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Re: How to convince businesses to be accessible...

From: Ryan Eby <ebyryan@msu.edu>
Date: Tue, 10 Oct 2000 21:23:32 -0400
Message-ID: <003c01c03321$ded5e130$c3b90a23@bob>
To: "Charles McCathieNevile" <charles@w3.org>
Cc: <w3c-wai-ig@w3.org>
I may not have went into enough detail first time through. The logic we were
using when we did the ASP,XML,XSL approach was to make certain accessibility
guidelines easier to accomplish. An example would be checkpoint 3.1, which
states that if an appropriate markup exists you should use it. Unfortunately
not all browsers support all the languages, so our logic was to use MathML,
for instance, in browsers that supported it and send a GIF (with appropriate
ALT text) of the equation if the browser did not. Another reason was that
some browsers choke on and render stylesheets or markup it doesn't know
horribly, so our logic was to send a different stylesheet/markup or none at
all depending on the browser. The end product being clean HTML without any
hacked areas used to keep a site cross-platform/cross-browser. We never
thought of using this method as a sole way of accessibility. Just because
someone has a recent browser doesn't mean they don't have JavaScript or
images turned off, so the other guidelines were always thought of when
designing (still functions without scripts, meaning holds without image,
etc.). I just thought this was a good way of meeting some of the guidelines
and keeping as clean presentation as possible.

----- Original Message -----
From: "Charles McCathieNevile" <charles@w3.org>
To: "Ryan Eby" <ebyryan@msu.edu>
Cc: <w3c-wai-ig@w3.org>
Sent: Tuesday, October 10, 2000 12:50 PM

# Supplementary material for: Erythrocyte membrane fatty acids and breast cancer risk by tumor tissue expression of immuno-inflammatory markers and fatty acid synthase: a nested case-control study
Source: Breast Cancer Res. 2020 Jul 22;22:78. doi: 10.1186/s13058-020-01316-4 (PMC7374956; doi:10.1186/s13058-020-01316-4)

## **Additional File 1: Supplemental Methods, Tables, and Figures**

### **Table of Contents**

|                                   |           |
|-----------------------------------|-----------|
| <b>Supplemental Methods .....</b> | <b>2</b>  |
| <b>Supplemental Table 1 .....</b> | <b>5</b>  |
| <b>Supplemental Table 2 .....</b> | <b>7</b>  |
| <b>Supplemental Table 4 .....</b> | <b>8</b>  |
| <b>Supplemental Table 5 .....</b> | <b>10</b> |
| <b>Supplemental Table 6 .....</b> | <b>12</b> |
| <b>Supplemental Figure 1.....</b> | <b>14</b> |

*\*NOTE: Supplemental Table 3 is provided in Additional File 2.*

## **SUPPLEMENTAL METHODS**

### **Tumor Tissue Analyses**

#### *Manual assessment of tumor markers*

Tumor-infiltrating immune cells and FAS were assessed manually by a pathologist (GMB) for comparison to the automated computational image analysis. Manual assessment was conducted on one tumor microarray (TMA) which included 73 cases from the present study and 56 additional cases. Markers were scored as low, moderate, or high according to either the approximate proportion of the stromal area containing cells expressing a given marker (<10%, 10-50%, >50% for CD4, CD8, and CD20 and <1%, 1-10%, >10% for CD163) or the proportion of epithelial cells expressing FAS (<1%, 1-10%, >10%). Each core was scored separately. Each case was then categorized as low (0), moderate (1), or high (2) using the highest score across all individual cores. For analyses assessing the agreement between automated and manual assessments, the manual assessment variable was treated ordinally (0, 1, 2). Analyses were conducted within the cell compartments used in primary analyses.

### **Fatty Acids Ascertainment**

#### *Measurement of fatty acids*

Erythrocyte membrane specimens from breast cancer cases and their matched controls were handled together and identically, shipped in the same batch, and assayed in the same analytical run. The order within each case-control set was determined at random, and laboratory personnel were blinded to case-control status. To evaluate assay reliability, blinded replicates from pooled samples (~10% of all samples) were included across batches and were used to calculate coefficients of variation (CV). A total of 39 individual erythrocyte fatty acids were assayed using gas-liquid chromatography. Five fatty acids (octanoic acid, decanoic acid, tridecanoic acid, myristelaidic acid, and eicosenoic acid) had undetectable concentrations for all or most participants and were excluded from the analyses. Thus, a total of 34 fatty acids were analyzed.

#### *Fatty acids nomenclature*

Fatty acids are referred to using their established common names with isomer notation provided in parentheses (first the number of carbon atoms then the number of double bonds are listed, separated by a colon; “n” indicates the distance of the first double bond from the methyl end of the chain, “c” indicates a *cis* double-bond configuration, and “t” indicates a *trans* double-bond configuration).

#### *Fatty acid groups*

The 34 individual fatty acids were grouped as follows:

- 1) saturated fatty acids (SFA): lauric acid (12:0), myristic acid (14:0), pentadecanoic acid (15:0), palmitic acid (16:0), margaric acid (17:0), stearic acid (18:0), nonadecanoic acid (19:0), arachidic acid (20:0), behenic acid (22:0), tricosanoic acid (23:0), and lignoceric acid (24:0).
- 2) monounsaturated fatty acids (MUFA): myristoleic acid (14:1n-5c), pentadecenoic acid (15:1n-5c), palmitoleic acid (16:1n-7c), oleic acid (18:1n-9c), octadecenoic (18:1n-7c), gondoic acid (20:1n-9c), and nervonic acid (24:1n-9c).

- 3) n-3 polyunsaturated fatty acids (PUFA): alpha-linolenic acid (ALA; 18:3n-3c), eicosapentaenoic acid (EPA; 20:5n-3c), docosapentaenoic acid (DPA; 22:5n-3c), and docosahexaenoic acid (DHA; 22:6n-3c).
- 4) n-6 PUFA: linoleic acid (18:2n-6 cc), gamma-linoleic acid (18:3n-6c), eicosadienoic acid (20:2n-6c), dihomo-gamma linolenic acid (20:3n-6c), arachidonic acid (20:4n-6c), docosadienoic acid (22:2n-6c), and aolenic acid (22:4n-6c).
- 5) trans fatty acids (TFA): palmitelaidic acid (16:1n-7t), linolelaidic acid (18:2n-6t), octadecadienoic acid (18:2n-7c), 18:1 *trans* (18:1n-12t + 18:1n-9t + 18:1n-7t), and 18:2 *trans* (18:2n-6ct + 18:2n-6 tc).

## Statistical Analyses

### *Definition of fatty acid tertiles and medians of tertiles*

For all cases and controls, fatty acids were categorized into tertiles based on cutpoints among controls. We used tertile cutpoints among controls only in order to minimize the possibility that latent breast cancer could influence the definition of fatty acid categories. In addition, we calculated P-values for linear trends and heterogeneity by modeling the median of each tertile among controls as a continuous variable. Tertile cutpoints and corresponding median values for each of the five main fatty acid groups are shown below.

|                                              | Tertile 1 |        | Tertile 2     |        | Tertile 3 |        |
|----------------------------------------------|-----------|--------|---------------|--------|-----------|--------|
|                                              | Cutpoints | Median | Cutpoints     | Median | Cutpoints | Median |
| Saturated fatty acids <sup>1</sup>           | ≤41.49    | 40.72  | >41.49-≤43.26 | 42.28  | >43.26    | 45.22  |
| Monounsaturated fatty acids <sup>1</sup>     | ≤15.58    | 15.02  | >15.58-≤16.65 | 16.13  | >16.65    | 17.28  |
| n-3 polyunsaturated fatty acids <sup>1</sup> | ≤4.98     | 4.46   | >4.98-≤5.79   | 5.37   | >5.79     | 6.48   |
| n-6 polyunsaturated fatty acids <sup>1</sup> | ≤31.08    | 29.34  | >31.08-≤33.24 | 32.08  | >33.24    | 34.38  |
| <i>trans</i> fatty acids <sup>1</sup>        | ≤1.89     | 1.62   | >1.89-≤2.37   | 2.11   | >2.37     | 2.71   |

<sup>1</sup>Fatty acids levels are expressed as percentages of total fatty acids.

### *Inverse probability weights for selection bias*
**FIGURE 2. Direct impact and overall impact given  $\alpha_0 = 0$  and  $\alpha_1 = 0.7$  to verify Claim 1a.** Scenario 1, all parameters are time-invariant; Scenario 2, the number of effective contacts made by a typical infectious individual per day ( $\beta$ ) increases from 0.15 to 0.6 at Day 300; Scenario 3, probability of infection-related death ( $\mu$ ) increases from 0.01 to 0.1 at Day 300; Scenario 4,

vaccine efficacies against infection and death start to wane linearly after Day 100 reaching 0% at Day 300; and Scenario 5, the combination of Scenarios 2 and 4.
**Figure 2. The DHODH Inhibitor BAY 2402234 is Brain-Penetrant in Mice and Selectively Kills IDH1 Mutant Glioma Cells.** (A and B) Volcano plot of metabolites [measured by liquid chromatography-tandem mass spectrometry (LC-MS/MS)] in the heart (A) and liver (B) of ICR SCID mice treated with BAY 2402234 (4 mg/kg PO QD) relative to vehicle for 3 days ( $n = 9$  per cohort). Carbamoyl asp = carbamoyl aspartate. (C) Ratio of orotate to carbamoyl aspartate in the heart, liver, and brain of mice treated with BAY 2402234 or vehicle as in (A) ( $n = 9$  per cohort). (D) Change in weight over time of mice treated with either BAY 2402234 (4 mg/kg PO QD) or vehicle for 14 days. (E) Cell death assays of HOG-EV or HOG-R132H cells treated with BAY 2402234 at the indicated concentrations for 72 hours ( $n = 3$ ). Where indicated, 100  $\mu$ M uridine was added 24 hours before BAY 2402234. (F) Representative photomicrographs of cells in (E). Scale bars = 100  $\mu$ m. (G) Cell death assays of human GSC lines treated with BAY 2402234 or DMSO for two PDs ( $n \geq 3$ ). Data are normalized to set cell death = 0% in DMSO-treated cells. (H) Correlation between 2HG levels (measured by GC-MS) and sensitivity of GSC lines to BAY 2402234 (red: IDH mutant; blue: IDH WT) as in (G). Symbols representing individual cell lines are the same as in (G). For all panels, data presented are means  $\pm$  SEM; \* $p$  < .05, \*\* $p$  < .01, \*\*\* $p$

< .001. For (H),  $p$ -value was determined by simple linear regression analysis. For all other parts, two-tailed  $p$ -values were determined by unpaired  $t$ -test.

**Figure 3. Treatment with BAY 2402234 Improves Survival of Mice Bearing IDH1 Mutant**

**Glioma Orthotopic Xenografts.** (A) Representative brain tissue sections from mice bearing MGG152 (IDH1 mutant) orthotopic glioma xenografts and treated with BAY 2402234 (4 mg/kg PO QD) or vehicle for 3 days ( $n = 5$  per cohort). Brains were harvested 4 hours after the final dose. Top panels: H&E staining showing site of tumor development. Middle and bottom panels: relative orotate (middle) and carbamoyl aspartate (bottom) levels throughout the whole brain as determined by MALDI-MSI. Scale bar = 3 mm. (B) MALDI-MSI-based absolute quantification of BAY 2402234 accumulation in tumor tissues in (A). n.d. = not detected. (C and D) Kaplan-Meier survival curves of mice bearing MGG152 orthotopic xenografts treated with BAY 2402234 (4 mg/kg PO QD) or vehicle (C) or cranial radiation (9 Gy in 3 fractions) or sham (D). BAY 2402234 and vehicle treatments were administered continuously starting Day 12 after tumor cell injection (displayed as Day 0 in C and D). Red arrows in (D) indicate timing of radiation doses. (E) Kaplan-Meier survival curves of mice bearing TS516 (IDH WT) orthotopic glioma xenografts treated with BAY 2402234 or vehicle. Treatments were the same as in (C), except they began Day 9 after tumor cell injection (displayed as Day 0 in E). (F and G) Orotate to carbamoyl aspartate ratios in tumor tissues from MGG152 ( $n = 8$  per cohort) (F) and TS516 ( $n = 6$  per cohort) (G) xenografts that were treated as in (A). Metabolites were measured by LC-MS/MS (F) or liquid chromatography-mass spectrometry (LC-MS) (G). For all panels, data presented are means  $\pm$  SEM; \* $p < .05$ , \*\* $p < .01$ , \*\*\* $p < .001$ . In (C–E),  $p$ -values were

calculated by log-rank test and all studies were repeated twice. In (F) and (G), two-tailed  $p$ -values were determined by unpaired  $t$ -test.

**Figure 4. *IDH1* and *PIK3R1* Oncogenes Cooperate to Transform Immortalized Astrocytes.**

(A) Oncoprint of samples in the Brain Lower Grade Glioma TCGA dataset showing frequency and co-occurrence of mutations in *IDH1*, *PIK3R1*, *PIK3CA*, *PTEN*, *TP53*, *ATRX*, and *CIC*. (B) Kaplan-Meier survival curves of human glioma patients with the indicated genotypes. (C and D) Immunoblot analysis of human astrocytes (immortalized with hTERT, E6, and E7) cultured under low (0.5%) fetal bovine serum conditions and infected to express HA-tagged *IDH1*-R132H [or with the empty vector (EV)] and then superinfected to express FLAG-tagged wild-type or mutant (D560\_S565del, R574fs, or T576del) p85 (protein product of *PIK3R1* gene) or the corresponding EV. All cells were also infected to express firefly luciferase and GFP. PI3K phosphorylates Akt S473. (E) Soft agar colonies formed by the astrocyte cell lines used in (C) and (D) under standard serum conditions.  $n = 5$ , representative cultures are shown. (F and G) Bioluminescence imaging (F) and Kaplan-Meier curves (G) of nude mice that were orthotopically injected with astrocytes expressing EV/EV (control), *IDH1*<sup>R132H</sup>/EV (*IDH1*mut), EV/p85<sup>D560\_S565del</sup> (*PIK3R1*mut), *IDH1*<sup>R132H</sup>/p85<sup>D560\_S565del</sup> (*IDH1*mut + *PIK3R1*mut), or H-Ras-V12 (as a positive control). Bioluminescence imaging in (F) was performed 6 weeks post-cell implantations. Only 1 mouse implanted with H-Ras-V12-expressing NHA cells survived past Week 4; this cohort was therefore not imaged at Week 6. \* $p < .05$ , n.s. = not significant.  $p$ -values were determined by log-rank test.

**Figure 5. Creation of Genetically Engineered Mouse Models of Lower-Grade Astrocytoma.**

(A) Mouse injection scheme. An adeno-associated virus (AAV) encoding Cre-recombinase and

Subject: Re: How to convince businesses to be accessible...


> One problem is that although I use lynx I actually prefer to get the
images
> included in the source - every so often I decide to look at one, which is
> very trivial.
>
> The basic difficulty is that what browser a user has is not a good guide
to
> what are the preferences and needs of the user - that needs to be answered
by
> hte users themselves. W3C is working on a system called CC/PP (that's
easier
> to remember than the real name) designed to allow this kind of information
to
> be sent by the browser to the server. And there are in fact a lot of
people
> using these kinds of approaches. The simplest version is to provide a link
to
> a text-only version of a page (This is helpful to some users but not by
> itself a solution), and there are many other methods used. The trick is to
> get the right information about the user and what they want, and that is
not
> easy.
>
> Cheers
>
> Charles McCN
>
> On Fri, 6 Oct 2000, Ryan Eby wrote:
>
>   A friend of mine did this on his site with ASP (as a learning tool - his
>   site is not commercial). He wrote all his content in XML pages and then
used
>   a ASP page to check the HTTP header to find the browser version and then
>   apply a different XSL stylesheet depending on the browser. It was then
sent
>   off to the browser as HTML. If the browser was one that didn't support
>   images than he used a stylesheet that left out the images and HTML that
>   might have been a hindrance. It may seem like a lot of work but it
really
>   wasn't. He only created the content once and about a half dozen
stylesheets.
>   And the ASP code he wrote once and then copy and pasted it for the other
>   pages changes the content variable to point to the proper file. It
worked
>   quite well as far as I could see (on lynx, NS, and IE). I'd give you the
>   link but he is running it locally on his machine now because of lack of
>   extra funds for hosting). Are there any problems with this approach that
I
>   am missing.
>   _____________________________
>   Ryan Eby
Received on Tuesday, 10 October 2000 21:21:38 GMT

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